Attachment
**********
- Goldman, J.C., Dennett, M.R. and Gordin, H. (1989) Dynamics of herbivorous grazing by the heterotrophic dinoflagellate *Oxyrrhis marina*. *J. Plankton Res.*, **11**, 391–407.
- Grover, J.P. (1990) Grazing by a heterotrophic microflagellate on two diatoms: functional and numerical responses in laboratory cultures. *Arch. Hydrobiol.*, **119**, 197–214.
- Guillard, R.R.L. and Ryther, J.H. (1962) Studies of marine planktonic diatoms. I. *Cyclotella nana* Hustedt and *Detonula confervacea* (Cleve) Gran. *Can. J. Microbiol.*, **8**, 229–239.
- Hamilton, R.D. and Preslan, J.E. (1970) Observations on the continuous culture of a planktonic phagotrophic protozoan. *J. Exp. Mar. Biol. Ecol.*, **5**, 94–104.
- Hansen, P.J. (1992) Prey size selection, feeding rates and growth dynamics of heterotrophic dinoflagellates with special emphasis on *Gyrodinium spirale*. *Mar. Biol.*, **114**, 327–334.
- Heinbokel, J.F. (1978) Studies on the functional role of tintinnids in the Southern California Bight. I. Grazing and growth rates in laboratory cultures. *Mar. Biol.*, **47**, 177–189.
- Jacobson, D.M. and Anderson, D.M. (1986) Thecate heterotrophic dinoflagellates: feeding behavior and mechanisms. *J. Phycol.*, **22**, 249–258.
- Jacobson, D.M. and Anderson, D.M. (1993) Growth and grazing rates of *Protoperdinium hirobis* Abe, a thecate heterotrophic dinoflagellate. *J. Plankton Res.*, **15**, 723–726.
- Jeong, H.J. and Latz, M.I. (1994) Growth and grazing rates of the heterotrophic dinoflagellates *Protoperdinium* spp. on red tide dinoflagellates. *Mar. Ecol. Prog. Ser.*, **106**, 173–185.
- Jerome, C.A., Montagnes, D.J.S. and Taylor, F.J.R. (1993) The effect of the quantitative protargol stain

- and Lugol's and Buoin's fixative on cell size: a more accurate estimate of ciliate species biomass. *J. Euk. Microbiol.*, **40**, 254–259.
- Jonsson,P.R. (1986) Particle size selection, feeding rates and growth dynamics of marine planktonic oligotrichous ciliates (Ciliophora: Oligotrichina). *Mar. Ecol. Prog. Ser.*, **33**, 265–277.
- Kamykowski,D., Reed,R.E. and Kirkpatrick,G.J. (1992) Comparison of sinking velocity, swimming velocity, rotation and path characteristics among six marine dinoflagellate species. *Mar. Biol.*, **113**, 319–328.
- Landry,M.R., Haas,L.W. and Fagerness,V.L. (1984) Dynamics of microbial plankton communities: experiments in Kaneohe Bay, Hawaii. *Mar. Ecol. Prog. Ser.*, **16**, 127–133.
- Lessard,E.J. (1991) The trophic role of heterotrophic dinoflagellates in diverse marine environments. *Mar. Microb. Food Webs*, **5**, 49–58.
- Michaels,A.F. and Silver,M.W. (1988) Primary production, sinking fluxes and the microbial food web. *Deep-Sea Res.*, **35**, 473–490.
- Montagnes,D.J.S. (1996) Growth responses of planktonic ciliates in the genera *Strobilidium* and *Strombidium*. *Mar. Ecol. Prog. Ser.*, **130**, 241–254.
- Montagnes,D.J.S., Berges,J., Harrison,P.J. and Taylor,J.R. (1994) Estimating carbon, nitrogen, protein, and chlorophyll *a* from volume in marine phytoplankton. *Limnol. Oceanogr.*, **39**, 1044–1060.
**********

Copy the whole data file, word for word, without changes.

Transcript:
- Goldman, J.C., Dennett, M.R. and Gordin, H. (1989) Dynamics of herbivorous grazing by the heterotrophic dinoflagellate *Oxyrrhis marina*. *J. Plankton Res.*, **11**, 391–407.
- Grover, J.P. (1990) Grazing by a heterotrophic microflagellate on two diatoms: functional and numerical responses in laboratory cultures. *Arch. Hydrobiol.*, **119**, 197–214.
- Guillard, R.R.L. and Ryther, J.H. (1962) Studies of marine planktonic diatoms. I. *Cyclotella nana* Hustedt and *Detonula confervacea* (Cleve) Gran. *Can. J. Microbiol.*, **8**, 229–239.
- Hamilton, R.D. and Preslan, J.E. (1970) Observations on the continuous culture of a planktonic phagotrophic protozoan. *J. Exp. Mar. Biol. Ecol.*, **5**, 94–104.
- Hansen, P.J. (1992) Prey size selection, feeding rates and growth dynamics of heterotrophic dinoflagellates with special emphasis on *Gyrodinium spirale*. *Mar. Biol.*, **114**, 327–334.
- Heinbokel, J.F. (1978) Studies on the functional role of tintinnids in the Southern California Bight. I. Grazing and growth rates in laboratory cultures. *Mar. Biol.*, **47**, 177–189.
- Jacobson, D.M. and Anderson, D.M. (1986) Thecate heterotrophic dinoflagellates: feeding behavior and mechanisms. *J. Phycol.*, **22**, 249–258.
- Jacobson, D.M. and Anderson, D.M. (1993) Growth and grazing rates of *Protoperdinium hirobis* Abe, a thecate heterotrophic dinoflagellate. *J. Plankton Res.*, **15**, 723–726.
- Jeong, H.J. and Latz, M.I. (1994) Growth and grazing rates of the heterotrophic dinoflagellates *Protoperdinium* spp. on red tide dinoflagellates. *Mar. Ecol. Prog. Ser.*, **106**, 173–185.
- Jerome, C.A., Montagnes, D.J.S. and Taylor, F.J.R. (1993) The effect of the quantitative protargol stain

- and Lugol's and Buoin's fixative on cell size: a more accurate estimate of ciliate species biomass. *J. Euk. Microbiol.*, **40**, 254–259.
- Jonsson,P.R. (1986) Particle size selection, feeding rates and growth dynamics of marine planktonic oligotrichous ciliates (Ciliophora: Oligotrichina). *Mar. Ecol. Prog. Ser.*, **33**, 265–277.
- Kamykowski,D., Reed,R.E. and Kirkpatrick,G.J. (1992) Comparison of sinking velocity, swimming velocity, rotation and path characteristics among six marine dinoflagellate species. *Mar. Biol.*, **113**, 319–328.
- Landry,M.R., Haas,L.W. and Fagerness,V.L. (1984) Dynamics of microbial plankton communities: experiments in Kaneohe Bay, Hawaii. *Mar. Ecol. Prog. Ser.*, **16**, 127–133.
- Lessard,E.J. (1991) The trophic role of heterotrophic dinoflagellates in diverse marine environments. *Mar. Microb. Food Webs*, **5**, 49–58.
- Michaels,A.F. and Silver,M.W. (1988) Primary production, sinking fluxes and the microbial food web. *Deep-Sea Res.*, **35**, 473–490.
- Montagnes,D.J.S. (1996) Growth responses of planktonic ciliates in the genera *Strobilidium* and *Strombidium*. *Mar. Ecol. Prog. Ser.*, **130**, 241–254.
- Montagnes,D.J.S., Berges,J., Harrison,P.J. and Taylor,J.R. (1994) Estimating carbon, nitrogen, protein, and chlorophyll *a* from volume in marine phytoplankton. *Limnol. Oceanogr.*, **39**, 1044–1060.